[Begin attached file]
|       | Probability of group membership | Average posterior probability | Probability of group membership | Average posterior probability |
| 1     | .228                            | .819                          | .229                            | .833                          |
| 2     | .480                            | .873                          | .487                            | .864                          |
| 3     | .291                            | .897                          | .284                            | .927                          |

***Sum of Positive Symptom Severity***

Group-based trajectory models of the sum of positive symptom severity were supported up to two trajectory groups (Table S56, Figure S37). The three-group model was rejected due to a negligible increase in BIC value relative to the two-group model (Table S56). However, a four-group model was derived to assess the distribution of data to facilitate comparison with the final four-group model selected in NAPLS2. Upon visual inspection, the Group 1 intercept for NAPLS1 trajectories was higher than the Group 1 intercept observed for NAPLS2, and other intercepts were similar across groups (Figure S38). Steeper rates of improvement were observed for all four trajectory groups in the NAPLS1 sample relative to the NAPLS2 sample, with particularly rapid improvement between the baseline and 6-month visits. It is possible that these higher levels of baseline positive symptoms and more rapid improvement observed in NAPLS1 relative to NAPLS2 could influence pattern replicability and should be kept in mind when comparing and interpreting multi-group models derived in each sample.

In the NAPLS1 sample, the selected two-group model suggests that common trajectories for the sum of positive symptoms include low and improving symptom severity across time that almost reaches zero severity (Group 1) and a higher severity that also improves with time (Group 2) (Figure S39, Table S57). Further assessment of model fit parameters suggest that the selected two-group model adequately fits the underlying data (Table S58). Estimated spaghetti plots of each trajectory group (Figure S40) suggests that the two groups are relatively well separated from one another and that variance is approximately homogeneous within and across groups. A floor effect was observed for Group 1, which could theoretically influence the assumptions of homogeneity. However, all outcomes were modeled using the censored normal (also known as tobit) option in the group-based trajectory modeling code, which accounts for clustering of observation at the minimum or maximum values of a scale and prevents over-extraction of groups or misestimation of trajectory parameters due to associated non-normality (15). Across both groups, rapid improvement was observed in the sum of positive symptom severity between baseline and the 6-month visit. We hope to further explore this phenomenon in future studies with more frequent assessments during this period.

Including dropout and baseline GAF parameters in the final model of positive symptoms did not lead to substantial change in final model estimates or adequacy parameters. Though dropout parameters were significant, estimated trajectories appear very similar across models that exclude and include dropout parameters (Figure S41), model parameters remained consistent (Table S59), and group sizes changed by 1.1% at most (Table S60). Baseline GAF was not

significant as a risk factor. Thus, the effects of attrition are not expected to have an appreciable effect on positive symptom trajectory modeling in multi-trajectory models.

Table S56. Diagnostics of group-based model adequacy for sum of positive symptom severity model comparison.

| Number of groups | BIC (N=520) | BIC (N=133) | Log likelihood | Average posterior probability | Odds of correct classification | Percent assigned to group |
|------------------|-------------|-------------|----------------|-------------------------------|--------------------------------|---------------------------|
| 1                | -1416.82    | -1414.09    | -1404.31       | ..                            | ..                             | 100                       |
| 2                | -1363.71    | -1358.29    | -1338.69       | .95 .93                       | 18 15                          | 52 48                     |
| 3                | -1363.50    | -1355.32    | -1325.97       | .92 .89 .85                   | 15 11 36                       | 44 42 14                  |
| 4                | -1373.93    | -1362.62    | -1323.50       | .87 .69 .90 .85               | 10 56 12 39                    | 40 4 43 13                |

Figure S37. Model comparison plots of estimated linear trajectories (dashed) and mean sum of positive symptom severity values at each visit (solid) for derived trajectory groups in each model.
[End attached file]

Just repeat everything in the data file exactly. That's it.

|       | Probability of group membership | Average posterior probability | Probability of group membership | Average posterior probability |
| 1     | .228                            | .819                          | .229                            | .833                          |
| 2     | .480                            | .873                          | .487                            | .864                          |
| 3     | .291                            | .897                          | .284                            | .927                          |

***Sum of Positive Symptom Severity***

Group-based trajectory models of the sum of positive symptom severity were supported up to two trajectory groups (Table S56, Figure S37). The three-group model was rejected due to a negligible increase in BIC value relative to the two-group model (Table S56). However, a four-group model was derived to assess the distribution of data to facilitate comparison with the final four-group model selected in NAPLS2. Upon visual inspection, the Group 1 intercept for NAPLS1 trajectories was higher than the Group 1 intercept observed for NAPLS2, and other intercepts were similar across groups (Figure S38). Steeper rates of improvement were observed for all four trajectory groups in the NAPLS1 sample relative to the NAPLS2 sample, with particularly rapid improvement between the baseline and 6-month visits. It is possible that these higher levels of baseline positive symptoms and more rapid improvement observed in NAPLS1 relative to NAPLS2 could influence pattern replicability and should be kept in mind when comparing and interpreting multi-group models derived in each sample.

In the NAPLS1 sample, the selected two-group model suggests that common trajectories for the sum of positive symptoms include low and improving symptom severity across time that almost reaches zero severity (Group 1) and a higher severity that also improves with time (Group 2) (Figure S39, Table S57). Further assessment of model fit parameters suggest that the selected two-group model adequately fits the underlying data (Table S58). Estimated spaghetti plots of each trajectory group (Figure S40) suggests that the two groups are relatively well separated from one another and that variance is approximately homogeneous within and across groups. A floor effect was observed for Group 1, which could theoretically influence the assumptions of homogeneity. However, all outcomes were modeled using the censored normal (also known as tobit) option in the group-based trajectory modeling code, which accounts for clustering of observation at the minimum or maximum values of a scale and prevents over-extraction of groups or misestimation of trajectory parameters due to associated non-normality (15). Across both groups, rapid improvement was observed in the sum of positive symptom severity between baseline and the 6-month visit. We hope to further explore this phenomenon in future studies with more frequent assessments during this period.

Including dropout and baseline GAF parameters in the final model of positive symptoms did not lead to substantial change in final model estimates or adequacy parameters. Though dropout parameters were significant, estimated trajectories appear very similar across models that exclude and include dropout parameters (Figure S41), model parameters remained consistent (Table S59), and group sizes changed by 1.1% at most (Table S60). Baseline GAF was not

significant as a risk factor. Thus, the effects of attrition are not expected to have an appreciable effect on positive symptom trajectory modeling in multi-trajectory models.

Table S56. Diagnostics of group-based model adequacy for sum of positive symptom severity model comparison.

| Number of groups | BIC (N=520) | BIC (N=133) | Log likelihood | Average posterior probability | Odds of correct classification | Percent assigned to group |
|------------------|-------------|-------------|----------------|-------------------------------|--------------------------------|---------------------------|
| 1                | -1416.82    | -1414.09    | -1404.31       | ..                            | ..                             | 100                       |
| 2                | -1363.71    | -1358.29    | -1338.69       | .95 .93                       | 18 15                          | 52 48                     |
| 3                | -1363.50    | -1355.32    | -1325.97       | .92 .89 .85                   | 15 11 36                       | 44 42 14                  |
| 4                | -1373.93    | -1362.62    | -1323.50       | .87 .69 .90 .85               | 10 56 12 39                    | 40 4 43 13                |

Figure S37. Model comparison plots of estimated linear trajectories (dashed) and mean sum of positive symptom severity values at each visit (solid) for derived trajectory groups in each model.